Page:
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Good quality luggage is not cheap – that includes carry-on travel packs. There are a lot of Chinese-branded travel packs available online that are insanely cheap. While we have no experience with them, we’d be concerned about their quality (see above) and doubt that they are made ethically and sustainably.
Many carry-on travel packs on the market these days come with lifetime guarantees and/or repair programs – a sign that the company stands by the quality of its products. So, if you’re undecided between two models, maybe the warranty terms will help you make the call.
Water repellent and/or with (built-in) rain cover
This is more of a nice-to-have requirement (at least for us) as there are other ways to protect your gear from a downpour – for example, a rain poncho (which not only covers your luggage but you as well).
Last but not least, it’s important to ensure the manufacturing of your travel pack is done as sustainably and ethically as possible:
- Most materials used in light-weight durable travel packs (at least for now) are derived from petrochemicals. Thus, give preference to a travel pack that’s made from recycled materials. For travel packs made from virgin materials, check if the materials are bluesign®-approved and/or the manufacturing process adheres to the bluesign® Restricted Substances List to ensure strict ecological and toxicological standards are met.
- If you want your travel pack to be water-repellent, give preference to models that use perfluorochemical(PFC)-free methods to achieve durable water repellency (DWR).
If nothing else, check the sustainability credentials of the brand you buy from. If you can’t find anything (of any substance) on their website, chances are they don’t really care.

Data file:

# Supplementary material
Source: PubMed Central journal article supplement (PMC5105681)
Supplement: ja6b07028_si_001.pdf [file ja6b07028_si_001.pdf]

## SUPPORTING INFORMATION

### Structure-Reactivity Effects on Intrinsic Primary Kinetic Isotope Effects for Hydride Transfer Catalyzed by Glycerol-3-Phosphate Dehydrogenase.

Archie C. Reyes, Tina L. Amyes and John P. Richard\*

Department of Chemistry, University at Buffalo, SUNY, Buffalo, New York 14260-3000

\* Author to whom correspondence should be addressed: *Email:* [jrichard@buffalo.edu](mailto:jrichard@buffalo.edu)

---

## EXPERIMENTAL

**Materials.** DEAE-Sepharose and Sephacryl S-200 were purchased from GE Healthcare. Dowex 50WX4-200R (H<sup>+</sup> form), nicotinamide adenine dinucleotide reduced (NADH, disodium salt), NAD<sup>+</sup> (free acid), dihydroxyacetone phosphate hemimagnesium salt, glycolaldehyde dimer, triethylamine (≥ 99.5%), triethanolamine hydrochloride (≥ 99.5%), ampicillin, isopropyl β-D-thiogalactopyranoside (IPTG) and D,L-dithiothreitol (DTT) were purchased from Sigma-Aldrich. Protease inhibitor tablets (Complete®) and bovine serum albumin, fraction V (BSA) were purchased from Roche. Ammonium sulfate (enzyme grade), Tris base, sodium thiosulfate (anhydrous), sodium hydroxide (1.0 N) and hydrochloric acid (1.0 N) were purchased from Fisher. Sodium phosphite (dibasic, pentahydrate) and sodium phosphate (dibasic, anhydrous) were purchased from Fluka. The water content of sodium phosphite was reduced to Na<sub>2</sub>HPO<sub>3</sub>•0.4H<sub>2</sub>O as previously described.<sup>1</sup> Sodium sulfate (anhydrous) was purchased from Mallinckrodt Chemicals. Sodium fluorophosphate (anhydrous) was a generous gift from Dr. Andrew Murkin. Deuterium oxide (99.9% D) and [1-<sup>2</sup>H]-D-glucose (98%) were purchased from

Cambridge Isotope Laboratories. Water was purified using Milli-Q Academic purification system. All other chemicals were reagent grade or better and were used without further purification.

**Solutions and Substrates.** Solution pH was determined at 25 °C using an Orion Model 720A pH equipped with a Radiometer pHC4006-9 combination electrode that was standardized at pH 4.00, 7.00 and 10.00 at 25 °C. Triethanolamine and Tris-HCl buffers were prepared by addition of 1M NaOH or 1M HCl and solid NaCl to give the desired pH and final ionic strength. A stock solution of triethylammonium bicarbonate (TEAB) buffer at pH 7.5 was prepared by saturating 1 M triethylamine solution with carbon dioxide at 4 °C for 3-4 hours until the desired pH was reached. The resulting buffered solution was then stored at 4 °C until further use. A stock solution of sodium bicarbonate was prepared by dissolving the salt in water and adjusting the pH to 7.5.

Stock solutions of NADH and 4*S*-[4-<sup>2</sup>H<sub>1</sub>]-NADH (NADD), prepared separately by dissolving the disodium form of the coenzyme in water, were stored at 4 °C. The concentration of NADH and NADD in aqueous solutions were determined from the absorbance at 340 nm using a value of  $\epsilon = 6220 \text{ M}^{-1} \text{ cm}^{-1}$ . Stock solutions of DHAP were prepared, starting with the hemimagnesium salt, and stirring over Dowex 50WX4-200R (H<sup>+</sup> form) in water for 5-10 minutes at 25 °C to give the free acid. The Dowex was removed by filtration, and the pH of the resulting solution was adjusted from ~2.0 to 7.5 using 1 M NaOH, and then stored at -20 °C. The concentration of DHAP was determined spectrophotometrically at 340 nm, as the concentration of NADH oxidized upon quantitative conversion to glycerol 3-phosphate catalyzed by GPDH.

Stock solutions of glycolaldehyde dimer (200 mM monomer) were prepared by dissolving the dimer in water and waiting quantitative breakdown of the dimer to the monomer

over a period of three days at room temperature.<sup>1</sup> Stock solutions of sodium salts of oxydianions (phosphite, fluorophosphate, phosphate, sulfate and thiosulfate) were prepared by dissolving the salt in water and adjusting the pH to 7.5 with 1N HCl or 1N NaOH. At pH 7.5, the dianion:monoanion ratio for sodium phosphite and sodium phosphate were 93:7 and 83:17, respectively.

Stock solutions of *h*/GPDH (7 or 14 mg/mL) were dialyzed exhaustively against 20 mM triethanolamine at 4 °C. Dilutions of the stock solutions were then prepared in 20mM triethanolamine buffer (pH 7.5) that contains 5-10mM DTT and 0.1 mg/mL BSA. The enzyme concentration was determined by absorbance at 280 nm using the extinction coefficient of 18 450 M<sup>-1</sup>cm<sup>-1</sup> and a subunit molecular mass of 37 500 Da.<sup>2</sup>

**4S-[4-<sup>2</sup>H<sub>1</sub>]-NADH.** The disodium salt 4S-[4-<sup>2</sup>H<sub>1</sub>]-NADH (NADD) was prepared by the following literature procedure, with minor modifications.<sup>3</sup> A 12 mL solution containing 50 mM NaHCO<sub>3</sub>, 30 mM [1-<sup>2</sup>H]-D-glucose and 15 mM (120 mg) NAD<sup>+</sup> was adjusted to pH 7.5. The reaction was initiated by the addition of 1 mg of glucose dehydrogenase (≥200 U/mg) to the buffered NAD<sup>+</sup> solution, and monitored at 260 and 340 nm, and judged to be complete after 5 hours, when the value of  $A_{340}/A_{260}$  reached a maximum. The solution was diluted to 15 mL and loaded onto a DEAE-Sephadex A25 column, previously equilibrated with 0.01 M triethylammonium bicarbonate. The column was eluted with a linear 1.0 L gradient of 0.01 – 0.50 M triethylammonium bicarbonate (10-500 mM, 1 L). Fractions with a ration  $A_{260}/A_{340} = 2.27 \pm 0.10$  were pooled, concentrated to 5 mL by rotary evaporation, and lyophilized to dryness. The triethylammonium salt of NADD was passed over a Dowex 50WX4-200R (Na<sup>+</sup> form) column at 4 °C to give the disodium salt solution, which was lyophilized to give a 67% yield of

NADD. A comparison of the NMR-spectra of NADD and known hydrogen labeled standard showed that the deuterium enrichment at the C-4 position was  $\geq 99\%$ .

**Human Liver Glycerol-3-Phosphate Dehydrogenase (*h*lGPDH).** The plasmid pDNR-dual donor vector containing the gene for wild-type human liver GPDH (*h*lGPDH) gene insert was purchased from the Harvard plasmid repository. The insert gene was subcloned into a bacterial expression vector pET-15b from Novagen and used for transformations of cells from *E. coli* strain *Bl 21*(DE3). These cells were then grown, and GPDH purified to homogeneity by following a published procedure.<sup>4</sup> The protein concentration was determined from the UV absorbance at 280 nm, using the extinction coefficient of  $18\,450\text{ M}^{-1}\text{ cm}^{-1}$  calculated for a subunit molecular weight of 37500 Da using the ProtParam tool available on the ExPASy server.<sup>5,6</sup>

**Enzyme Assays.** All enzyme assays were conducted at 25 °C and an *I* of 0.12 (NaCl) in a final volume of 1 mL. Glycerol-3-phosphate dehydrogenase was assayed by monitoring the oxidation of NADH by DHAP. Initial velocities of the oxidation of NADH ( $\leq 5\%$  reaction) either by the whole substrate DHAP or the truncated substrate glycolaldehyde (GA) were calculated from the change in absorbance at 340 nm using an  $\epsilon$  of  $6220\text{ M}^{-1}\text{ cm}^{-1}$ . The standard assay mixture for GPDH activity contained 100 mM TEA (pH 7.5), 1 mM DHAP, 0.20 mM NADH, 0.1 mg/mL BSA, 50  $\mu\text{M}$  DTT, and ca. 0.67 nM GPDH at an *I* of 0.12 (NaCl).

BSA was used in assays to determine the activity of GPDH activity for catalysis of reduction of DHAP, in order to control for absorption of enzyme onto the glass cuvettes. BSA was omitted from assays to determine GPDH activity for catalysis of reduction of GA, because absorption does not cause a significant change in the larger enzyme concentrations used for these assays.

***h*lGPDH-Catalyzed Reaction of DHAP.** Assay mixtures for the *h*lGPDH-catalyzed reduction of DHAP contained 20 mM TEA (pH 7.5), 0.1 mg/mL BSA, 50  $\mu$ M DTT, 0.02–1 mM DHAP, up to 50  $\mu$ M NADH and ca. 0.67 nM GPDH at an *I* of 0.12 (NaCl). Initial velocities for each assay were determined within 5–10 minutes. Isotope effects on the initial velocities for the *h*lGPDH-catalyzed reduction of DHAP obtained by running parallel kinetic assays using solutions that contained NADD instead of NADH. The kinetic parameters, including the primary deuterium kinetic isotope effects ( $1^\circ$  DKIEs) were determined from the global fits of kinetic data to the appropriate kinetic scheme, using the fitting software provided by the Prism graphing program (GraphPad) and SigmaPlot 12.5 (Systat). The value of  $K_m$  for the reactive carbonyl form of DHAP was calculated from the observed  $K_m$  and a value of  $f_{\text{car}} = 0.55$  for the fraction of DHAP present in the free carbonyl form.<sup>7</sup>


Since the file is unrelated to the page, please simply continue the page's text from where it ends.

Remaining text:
How do carry-on travel packs compare?
We have done a lot of research and checked out more than two dozen different travel packs from different manufacturers before arriving at our top 10 list below.
For our comparison (in alphabetical order), we have considered travel packs that retail between USD150 and USD350, and
- offer a minimum volume of 40 litres;
- weigh less than (approximately) 2kg / 4lbs 7oz;
- come with a (proper) hip-belt; and
- have at least one water bottle side pocket.
Click on the name of the model you are interested in to reveal more detail and find one that ticks all (or at least the most important ones) of YOUR boxes:
Cotopaxi Allpa 42L Travel Pack$220.00
Gregory Border Carry-On 40$189.95
Lowe Alpine Escape Flight Pro 40L Cabin Pack
Matador GlobeRider45 Travel Backpack$350.00
MEC Pangea 40 Carry On Travel Pack$199.95
Pacsafe Venturesafe EXP45 Anti-Theft Carry-On Travel Pack$279.95
Peak Design 45L Travel Backpack$299.95
Topo Designs Global Travel Bag 40L$229.00
Tortuga 40L Travel Backpack$350.00
Zoomlite Road Warrior Travel Carryon Backpack$152.00
What did/would we choose (based on our needs)?
Paul’s Tortuga lasted seven years. The fabric was not rip-stop, and it started to fray along the seams – an area difficult to repair (multiple times). He now travels with the Matador GlobeRider45 Travel Backpack. It’s at the higher end of the weight spectrum but otherwise met all his requirements.
I still use my original Osprey Ozone 46. It’s lighter than any other comparable travel pack I’ve come across in seven years, and it’s super sturdy. So why change something that works well? That said, if I had to purchase a new travel pack tomorrow, it would be the MEC Pangea 40 Carry-On Travel Pack. It suits my needs (almost) perfectly.